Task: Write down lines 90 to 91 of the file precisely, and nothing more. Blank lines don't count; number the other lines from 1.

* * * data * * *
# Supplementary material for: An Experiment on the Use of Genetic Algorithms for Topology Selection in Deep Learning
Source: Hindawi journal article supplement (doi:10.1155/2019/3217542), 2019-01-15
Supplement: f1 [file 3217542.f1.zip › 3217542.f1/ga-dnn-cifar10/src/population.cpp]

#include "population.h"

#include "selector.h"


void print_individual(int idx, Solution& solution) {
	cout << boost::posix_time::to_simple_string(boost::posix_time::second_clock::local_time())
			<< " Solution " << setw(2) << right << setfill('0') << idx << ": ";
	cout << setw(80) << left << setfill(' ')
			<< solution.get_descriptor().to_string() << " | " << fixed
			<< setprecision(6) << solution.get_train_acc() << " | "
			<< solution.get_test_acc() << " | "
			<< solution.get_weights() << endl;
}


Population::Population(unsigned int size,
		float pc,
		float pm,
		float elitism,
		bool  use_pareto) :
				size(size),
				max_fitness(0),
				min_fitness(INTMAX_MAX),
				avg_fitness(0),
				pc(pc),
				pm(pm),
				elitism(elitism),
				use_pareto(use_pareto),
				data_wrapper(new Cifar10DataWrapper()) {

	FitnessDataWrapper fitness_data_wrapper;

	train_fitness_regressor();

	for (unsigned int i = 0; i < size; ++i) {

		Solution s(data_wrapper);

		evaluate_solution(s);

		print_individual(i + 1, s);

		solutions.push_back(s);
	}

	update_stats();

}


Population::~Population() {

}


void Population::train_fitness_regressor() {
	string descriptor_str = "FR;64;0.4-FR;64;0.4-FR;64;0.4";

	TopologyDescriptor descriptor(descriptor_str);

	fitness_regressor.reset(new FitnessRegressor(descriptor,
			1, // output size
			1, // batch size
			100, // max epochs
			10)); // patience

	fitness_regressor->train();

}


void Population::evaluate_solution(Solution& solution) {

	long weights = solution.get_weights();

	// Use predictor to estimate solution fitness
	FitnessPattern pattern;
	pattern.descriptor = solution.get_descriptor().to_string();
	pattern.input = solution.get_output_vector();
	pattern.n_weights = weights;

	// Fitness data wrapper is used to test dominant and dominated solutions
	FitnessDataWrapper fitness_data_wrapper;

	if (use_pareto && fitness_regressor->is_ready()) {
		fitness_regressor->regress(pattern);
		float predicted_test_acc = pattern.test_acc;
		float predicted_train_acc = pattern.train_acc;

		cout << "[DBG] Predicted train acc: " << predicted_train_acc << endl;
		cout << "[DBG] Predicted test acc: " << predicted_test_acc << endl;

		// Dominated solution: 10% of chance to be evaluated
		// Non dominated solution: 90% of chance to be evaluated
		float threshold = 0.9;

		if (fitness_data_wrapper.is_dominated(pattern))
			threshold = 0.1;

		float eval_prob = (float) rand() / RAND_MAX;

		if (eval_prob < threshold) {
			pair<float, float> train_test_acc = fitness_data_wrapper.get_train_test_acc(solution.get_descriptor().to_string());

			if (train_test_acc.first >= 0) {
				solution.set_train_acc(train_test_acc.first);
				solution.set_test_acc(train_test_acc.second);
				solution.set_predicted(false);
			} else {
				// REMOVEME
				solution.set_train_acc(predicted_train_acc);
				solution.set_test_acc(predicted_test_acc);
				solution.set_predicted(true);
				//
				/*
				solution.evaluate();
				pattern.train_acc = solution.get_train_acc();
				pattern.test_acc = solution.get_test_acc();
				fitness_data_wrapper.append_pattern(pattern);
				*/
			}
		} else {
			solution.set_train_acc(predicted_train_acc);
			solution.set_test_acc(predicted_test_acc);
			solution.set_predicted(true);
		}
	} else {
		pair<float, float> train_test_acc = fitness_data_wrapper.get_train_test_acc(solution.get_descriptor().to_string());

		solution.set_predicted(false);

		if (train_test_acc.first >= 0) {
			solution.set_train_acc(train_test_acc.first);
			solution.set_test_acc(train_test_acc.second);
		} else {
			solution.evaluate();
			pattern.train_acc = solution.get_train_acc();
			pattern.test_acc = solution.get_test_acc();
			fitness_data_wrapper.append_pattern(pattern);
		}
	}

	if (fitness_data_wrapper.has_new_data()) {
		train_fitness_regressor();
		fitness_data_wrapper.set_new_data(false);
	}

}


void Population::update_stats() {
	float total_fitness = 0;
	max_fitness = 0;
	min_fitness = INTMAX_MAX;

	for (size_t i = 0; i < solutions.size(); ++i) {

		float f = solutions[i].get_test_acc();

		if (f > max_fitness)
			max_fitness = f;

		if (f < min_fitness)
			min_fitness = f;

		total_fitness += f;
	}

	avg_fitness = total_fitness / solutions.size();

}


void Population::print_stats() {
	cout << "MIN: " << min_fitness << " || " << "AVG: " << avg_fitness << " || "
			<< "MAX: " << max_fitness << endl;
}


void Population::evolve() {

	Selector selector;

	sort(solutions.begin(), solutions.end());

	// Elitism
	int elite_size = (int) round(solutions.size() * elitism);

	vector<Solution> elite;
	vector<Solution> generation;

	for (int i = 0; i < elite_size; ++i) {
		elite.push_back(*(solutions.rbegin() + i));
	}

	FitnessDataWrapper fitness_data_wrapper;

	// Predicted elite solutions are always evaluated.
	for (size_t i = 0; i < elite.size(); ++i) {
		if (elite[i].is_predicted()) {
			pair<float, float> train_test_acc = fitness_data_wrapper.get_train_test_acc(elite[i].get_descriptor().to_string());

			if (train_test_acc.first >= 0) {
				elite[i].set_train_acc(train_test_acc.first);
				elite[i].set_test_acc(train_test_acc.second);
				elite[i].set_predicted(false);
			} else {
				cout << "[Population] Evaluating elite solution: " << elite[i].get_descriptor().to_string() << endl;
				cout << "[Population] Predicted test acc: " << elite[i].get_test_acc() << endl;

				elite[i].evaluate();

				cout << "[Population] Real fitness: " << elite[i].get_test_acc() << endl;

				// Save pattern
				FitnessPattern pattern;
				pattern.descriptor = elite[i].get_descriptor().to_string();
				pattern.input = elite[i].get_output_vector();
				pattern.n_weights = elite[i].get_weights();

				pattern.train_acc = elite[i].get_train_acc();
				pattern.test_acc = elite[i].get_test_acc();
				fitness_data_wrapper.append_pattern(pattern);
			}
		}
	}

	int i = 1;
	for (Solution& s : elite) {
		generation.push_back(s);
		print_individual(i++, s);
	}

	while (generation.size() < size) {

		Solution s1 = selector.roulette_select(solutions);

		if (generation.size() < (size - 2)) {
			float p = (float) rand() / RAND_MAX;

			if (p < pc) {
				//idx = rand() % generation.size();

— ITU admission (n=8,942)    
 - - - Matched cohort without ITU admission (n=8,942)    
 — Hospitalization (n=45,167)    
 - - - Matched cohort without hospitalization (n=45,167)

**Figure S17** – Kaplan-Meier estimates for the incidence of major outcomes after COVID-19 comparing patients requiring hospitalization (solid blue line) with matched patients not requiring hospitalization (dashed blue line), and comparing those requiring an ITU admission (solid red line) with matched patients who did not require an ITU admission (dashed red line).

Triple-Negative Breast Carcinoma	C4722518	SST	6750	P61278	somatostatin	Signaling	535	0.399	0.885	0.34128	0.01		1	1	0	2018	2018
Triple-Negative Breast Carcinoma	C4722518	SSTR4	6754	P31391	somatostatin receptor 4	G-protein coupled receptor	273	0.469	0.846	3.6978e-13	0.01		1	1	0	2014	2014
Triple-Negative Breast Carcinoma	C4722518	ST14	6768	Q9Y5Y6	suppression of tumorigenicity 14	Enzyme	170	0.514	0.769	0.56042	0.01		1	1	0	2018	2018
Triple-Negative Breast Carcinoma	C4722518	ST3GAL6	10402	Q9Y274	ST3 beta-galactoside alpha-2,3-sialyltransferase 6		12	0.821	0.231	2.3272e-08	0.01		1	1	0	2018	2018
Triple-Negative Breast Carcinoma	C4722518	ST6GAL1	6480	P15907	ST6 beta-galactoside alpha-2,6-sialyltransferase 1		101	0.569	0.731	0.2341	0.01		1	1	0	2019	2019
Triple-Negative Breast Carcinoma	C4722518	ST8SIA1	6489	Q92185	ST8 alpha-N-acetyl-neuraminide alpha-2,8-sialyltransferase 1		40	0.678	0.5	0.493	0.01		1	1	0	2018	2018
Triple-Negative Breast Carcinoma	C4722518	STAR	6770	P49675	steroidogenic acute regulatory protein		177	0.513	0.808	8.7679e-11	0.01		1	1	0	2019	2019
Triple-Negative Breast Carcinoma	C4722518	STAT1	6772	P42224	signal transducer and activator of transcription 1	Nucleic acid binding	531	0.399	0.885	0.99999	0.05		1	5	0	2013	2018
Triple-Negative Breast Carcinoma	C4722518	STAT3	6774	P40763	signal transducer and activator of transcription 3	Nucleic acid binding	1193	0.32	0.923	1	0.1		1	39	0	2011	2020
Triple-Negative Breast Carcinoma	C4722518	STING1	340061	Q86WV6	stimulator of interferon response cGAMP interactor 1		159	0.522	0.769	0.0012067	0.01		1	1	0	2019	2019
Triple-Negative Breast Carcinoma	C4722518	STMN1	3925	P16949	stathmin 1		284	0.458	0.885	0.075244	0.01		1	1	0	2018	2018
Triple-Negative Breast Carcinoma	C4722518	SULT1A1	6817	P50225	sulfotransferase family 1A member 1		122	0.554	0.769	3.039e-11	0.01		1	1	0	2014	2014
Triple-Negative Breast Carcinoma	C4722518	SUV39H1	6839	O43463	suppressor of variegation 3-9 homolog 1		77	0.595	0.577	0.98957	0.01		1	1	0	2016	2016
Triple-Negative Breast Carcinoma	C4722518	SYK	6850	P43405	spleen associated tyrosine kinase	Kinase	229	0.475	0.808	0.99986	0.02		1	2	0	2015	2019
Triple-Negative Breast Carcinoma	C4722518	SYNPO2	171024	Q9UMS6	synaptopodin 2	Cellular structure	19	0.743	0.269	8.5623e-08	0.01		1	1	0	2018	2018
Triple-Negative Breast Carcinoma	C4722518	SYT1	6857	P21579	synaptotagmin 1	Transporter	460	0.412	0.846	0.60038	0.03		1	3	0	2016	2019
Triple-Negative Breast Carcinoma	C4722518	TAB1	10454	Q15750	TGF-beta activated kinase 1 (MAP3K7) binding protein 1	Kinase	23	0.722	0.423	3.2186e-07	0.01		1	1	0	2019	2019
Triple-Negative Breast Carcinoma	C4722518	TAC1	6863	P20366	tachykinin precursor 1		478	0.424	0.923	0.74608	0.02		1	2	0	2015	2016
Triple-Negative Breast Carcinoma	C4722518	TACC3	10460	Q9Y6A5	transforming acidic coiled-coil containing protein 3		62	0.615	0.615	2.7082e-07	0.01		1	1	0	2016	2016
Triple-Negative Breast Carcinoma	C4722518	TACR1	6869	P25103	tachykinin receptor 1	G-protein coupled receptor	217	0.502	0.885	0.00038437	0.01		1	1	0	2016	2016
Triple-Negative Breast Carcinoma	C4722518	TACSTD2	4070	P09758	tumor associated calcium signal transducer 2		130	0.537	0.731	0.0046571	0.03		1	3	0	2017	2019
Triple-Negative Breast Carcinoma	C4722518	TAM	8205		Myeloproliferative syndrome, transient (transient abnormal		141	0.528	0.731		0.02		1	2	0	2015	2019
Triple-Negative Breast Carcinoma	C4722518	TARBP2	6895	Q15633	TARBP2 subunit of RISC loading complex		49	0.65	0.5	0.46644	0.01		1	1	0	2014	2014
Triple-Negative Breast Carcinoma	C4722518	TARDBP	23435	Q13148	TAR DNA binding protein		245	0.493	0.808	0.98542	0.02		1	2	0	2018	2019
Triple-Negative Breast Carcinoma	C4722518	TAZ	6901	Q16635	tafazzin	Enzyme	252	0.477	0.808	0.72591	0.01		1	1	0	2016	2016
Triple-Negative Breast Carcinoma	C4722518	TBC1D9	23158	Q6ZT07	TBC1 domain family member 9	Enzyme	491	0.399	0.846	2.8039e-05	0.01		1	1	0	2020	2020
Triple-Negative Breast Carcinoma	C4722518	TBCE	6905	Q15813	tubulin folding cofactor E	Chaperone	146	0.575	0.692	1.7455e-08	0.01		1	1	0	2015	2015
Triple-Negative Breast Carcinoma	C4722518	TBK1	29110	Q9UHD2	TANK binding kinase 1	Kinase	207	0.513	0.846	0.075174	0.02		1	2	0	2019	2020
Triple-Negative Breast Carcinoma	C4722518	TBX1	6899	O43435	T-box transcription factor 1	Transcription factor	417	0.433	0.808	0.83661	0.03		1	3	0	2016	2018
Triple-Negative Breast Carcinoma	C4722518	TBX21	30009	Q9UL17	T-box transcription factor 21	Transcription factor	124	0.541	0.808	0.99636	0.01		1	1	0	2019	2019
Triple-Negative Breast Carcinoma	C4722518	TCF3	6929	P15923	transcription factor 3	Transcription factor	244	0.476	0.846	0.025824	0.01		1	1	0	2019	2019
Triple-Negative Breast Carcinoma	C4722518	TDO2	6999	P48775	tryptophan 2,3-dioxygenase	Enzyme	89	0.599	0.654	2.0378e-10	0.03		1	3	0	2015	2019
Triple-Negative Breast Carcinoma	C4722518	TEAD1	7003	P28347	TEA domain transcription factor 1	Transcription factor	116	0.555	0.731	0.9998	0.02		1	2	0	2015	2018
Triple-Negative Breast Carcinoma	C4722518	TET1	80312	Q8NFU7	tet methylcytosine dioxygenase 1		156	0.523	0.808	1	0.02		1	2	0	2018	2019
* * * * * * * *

			}
		} else {